Fannie Mae and Freddie Mac

Information on Fannie Mae and Freddie Mac



According to their web site,

"Fannie Mae is a private, shareholder-owned company that works to make sure mortgage money is available for people in communities all across America. We do not lend money directly to home buyers. Instead, we work with lenders to make sure they don't run out of mortgage funds, so more people can achieve the dream of homeownership."

Fannie Mae is "the country's second largest corporation, in terms of assets, and the nation's largest source of financing for home mortgages. We are one of the largest financial services corporations in the world."

"Fannie Mae stock (FNM) is actively traded on the New York Stock Exchange and other exchanges and is part of the Standard & Poor's 500 Composite Stock Price Index.

In 1938, the Federal government established Fannie Mae to expand the flow of mortgage money by creating a secondary market. Fannie Mae was authorized to buy Federal Housing Administration (FHA)-insured mortgages, thereby replenishing the supply of lendable money.

In 1968, Fannie Mae became a private company operating with private capital on a self-sustaining basis. Its role was expanded to buy mortgages beyond traditional government loan limits, reaching out to a broader cross-section of Americans."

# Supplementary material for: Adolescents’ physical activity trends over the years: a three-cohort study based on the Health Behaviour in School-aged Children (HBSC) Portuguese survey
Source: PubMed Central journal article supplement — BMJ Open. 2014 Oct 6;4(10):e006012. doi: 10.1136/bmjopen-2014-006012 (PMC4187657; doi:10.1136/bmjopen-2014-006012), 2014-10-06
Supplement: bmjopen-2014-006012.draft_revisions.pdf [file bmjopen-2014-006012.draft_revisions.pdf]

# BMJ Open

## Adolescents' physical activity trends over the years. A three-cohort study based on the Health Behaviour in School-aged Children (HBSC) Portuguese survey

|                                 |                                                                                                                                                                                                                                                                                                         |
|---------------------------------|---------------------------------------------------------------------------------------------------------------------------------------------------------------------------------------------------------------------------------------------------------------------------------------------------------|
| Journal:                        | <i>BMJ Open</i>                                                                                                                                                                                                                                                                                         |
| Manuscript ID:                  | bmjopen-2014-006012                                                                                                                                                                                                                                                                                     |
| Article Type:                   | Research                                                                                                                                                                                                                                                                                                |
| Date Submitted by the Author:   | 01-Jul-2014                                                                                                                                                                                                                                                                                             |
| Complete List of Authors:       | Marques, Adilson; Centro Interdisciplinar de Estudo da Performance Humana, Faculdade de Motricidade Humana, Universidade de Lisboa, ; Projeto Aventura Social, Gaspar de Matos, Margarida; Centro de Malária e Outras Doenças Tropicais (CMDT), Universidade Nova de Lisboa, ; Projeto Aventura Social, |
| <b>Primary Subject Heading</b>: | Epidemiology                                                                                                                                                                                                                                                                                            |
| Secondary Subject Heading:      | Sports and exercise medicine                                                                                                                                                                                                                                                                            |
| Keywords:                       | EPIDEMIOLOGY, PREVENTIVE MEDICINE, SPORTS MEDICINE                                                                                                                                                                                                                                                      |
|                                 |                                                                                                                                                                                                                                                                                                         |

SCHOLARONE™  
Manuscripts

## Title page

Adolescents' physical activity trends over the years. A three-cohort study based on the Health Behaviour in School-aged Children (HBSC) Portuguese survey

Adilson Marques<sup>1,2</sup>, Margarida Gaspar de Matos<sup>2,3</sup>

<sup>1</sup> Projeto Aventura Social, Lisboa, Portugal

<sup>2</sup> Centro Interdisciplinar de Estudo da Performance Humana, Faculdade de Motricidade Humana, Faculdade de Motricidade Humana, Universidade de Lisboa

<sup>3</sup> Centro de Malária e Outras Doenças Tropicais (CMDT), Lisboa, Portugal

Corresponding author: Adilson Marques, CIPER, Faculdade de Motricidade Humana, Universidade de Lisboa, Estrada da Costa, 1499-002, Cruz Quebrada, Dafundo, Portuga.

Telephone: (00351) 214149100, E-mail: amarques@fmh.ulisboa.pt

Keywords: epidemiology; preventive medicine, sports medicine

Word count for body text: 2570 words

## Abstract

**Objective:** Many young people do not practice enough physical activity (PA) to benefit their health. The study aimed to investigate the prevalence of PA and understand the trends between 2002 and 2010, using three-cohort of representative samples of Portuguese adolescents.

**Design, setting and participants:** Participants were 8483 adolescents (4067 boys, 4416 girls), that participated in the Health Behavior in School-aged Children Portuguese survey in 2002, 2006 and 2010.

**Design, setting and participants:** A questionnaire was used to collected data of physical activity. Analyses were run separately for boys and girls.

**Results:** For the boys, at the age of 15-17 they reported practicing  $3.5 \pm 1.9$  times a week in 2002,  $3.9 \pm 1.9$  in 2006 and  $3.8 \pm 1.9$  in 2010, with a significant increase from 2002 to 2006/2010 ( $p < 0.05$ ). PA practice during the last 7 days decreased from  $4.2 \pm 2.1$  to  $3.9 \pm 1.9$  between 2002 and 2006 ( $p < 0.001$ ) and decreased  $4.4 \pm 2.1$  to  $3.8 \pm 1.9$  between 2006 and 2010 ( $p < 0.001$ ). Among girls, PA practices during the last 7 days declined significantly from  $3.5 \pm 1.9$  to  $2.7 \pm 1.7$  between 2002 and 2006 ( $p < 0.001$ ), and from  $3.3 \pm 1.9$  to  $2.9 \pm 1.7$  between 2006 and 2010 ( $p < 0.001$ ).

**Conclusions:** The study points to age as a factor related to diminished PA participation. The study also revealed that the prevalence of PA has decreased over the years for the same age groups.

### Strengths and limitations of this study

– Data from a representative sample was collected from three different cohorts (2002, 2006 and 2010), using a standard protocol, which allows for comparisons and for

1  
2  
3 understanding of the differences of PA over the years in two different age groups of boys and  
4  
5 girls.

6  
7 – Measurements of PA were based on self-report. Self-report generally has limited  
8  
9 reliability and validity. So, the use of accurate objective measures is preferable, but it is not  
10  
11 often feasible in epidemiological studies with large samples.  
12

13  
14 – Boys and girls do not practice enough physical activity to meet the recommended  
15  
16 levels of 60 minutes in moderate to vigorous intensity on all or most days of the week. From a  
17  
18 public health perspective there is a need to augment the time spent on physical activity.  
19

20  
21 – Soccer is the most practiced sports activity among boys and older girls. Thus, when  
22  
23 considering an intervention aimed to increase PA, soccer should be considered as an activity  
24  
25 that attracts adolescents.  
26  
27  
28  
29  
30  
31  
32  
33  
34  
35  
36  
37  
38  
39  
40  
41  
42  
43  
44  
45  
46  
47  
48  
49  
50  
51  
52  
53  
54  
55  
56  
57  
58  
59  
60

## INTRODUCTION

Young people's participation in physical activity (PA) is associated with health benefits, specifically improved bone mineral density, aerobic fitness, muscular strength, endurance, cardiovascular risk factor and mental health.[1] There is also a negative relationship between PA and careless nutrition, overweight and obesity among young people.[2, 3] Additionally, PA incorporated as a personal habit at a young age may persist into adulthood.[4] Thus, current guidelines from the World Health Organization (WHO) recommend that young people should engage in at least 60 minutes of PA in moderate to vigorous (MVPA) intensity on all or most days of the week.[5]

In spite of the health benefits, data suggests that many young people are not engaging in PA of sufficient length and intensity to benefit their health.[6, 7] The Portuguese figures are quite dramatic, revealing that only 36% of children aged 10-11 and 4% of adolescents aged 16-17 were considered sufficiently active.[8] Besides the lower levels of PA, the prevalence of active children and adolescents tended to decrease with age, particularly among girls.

According to their web site, "Freddie Mac is a stockholder-owned corporation chartered by Congress in 1970 to keep money flowing to mortgage lenders in support of homeownership and rental housing. Freddie Mac purchases single-family and multifamily residential mortgages and mortgage-related securities, which it finances primarily by issuing mortgage pass through securities and debt instruments in the capital markets. By doing so, we ultimately help homeowners and renters get lower housing costs and better access to home financing."

The Subcommittee on Capital Markets, Securities and Government Sponsored Enterprises, chaired by Rep Richard H. Baker, holds oversight hearings on the Federal National Mortgage Corporation (Fannie Mae) and the Federal Home Loan Mortgage Corporation (Freddie Mac). The committee: " over the U.S. capital markets, securities and insurance industries and government-sponsored enterprises, such as Fannie Mae and Freddie Mac. It oversees the Securities and Exchange Commission as well as the self-regulatory organizations that police the securities markets."

According to the Committee "The hearings explore the potential risks posed by the enterprises to the taxpayers through their implied Government guarantee. Representatives from Fannie Mae, Freddie Mac and the Office of Federal Housing Enterprise Oversight (OFHEO) comment on reports produced by GAO, CBO, HUD, and Treasury as mandated by section 1355 of the Federal Housing Enterprises Financial Safety and Soundness Act of 1992."

The popular perception is that Fannie and Freddie have greatly increased home mortgage opportunities for Americans in general and for minority and low-to-moderate income Americans in particular.

Homehownership statistics suggest otherwise.

Additional information:

Risks to taxpayers
The Homeownership Question
Questions concerning homeownership
Suggested changes to enhance homeownership
Testimony before the House Financial Services Subcommittee on Capital Markets, Insurance and Government Sponsored Enterprises
For further information
Other questions